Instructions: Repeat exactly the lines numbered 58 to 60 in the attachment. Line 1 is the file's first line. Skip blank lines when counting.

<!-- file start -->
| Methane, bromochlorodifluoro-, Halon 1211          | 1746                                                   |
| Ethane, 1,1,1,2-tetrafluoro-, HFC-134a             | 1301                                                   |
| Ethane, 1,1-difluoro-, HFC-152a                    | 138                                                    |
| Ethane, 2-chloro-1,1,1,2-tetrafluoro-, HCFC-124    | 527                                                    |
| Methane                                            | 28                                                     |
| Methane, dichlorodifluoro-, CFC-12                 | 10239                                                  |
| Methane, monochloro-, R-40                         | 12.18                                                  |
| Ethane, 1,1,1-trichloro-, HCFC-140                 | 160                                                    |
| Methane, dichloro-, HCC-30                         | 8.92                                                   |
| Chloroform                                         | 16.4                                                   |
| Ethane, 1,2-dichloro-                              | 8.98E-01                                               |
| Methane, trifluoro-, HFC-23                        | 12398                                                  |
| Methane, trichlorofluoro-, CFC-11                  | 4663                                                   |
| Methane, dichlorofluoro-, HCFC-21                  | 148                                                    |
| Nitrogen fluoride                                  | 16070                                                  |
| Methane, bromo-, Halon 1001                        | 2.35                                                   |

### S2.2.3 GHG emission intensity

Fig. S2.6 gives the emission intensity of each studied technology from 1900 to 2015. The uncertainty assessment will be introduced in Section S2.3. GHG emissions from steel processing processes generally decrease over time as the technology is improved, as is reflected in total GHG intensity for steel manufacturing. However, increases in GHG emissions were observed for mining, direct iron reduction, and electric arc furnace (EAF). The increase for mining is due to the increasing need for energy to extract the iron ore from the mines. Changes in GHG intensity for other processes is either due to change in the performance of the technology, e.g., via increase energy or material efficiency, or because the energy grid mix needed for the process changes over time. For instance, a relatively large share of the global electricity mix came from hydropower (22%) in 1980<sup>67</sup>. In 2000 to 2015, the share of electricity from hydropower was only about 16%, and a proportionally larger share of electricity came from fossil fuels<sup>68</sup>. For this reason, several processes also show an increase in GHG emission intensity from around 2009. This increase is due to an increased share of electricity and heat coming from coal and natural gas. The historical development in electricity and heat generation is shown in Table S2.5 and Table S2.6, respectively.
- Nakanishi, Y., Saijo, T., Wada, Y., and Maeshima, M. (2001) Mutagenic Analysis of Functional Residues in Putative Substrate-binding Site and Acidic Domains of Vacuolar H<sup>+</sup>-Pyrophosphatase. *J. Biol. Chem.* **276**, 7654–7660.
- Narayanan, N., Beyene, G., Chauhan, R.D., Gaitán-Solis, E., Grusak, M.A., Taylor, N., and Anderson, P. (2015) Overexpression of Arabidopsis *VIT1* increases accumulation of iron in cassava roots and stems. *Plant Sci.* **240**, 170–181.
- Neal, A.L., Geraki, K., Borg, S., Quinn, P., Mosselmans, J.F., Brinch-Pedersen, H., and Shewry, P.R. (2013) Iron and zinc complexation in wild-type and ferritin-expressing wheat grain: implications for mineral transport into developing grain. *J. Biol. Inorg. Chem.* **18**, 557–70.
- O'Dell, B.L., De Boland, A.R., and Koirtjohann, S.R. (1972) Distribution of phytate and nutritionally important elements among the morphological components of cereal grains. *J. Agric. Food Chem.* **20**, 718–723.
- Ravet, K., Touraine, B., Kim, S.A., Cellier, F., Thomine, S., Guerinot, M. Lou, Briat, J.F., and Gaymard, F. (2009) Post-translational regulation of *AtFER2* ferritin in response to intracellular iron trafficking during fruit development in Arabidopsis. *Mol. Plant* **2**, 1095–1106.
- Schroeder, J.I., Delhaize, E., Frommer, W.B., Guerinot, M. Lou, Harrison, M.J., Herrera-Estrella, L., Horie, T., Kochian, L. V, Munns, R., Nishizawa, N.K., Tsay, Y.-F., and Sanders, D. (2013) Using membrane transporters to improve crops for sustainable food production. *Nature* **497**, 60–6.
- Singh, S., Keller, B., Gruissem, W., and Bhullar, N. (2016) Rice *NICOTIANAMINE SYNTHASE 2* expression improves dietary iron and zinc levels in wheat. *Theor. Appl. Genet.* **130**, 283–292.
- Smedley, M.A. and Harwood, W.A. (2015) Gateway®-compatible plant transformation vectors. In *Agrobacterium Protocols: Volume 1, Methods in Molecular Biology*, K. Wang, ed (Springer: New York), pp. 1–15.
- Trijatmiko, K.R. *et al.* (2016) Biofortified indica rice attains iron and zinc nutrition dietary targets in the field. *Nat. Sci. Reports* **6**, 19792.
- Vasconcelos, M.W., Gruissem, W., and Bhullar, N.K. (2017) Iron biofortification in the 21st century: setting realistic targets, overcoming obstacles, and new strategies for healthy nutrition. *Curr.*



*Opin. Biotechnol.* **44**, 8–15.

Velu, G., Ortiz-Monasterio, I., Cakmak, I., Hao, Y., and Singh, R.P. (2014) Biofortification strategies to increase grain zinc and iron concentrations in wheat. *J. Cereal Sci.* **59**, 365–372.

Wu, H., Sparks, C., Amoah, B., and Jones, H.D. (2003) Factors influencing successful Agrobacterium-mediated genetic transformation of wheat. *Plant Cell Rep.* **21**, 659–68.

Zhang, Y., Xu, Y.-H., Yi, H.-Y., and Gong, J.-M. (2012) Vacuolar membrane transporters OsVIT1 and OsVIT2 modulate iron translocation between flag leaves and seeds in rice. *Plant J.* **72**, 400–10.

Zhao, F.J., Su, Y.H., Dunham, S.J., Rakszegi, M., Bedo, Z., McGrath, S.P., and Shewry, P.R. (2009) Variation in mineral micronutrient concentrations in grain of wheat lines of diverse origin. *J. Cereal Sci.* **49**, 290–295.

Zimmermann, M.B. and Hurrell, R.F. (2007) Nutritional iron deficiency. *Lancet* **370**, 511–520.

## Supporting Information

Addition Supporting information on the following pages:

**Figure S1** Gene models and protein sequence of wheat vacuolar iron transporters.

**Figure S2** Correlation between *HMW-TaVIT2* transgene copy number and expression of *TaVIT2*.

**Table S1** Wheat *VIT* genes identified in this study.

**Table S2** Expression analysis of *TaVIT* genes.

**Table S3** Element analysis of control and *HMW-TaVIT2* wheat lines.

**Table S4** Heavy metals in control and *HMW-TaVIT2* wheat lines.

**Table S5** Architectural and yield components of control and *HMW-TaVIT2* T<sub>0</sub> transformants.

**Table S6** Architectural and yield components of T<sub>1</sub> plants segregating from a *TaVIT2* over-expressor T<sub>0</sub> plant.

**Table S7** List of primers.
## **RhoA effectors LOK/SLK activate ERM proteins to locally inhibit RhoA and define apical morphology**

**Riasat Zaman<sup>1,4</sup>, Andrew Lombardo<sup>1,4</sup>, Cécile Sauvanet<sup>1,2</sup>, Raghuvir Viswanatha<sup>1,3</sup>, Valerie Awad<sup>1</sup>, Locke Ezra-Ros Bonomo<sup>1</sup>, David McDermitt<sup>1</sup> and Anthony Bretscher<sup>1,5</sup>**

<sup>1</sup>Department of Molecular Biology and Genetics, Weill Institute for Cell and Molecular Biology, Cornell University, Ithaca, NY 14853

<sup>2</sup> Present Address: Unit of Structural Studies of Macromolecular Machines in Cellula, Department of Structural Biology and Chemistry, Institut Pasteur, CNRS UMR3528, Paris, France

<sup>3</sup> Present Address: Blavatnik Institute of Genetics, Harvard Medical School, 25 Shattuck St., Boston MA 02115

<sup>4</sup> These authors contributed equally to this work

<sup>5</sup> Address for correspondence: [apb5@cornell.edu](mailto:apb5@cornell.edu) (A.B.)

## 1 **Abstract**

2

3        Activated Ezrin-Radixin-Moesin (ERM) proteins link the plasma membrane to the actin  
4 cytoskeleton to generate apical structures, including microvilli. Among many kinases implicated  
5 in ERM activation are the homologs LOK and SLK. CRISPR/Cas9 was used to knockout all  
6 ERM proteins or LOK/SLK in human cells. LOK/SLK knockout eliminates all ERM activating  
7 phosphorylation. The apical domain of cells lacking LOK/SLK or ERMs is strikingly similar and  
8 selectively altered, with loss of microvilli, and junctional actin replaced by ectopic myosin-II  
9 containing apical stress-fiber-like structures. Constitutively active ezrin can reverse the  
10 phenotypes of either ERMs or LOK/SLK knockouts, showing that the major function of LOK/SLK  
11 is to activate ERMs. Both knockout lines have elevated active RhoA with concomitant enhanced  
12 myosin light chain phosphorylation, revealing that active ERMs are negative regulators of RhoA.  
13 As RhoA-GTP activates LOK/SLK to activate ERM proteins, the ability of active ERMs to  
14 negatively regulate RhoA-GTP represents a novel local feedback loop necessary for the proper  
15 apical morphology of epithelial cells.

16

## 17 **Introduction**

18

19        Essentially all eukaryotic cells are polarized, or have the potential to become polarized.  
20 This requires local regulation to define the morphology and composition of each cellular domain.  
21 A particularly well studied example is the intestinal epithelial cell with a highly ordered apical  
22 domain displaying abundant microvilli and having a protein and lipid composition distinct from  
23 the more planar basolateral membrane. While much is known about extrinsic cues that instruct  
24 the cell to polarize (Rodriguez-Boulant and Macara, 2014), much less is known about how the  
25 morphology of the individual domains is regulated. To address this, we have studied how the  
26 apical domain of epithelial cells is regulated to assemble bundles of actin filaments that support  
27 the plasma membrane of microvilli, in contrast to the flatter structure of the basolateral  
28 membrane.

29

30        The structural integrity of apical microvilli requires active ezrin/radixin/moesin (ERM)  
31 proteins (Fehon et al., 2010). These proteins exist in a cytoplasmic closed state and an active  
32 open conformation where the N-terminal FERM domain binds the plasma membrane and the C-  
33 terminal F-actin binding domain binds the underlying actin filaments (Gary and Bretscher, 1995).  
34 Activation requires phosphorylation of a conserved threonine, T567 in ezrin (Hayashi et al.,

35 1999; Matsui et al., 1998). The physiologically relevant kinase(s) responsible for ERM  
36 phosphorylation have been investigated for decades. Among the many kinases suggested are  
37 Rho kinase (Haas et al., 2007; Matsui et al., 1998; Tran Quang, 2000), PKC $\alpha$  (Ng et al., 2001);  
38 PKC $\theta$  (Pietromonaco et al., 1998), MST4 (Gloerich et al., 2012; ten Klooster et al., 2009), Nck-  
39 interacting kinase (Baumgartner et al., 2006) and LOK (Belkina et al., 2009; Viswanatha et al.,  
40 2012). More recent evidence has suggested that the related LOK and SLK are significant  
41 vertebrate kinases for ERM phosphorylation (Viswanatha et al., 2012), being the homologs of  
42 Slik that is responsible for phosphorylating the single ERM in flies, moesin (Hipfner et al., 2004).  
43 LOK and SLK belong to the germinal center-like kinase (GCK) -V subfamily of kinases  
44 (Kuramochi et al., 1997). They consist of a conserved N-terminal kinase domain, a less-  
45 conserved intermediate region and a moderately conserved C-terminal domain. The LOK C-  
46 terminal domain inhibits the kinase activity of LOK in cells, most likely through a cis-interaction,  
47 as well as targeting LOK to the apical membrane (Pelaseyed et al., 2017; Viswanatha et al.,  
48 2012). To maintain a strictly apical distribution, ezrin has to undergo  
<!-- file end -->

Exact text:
6 ERM proteins or LOK/SLK in human cells. LOK/SLK knockout eliminates all ERM activating  
7 phosphorylation. The apical domain of cells lacking LOK/SLK or ERMs is strikingly similar and  
8 selectively altered, with loss of microvilli, and junctional actin replaced by ectopic myosin-II  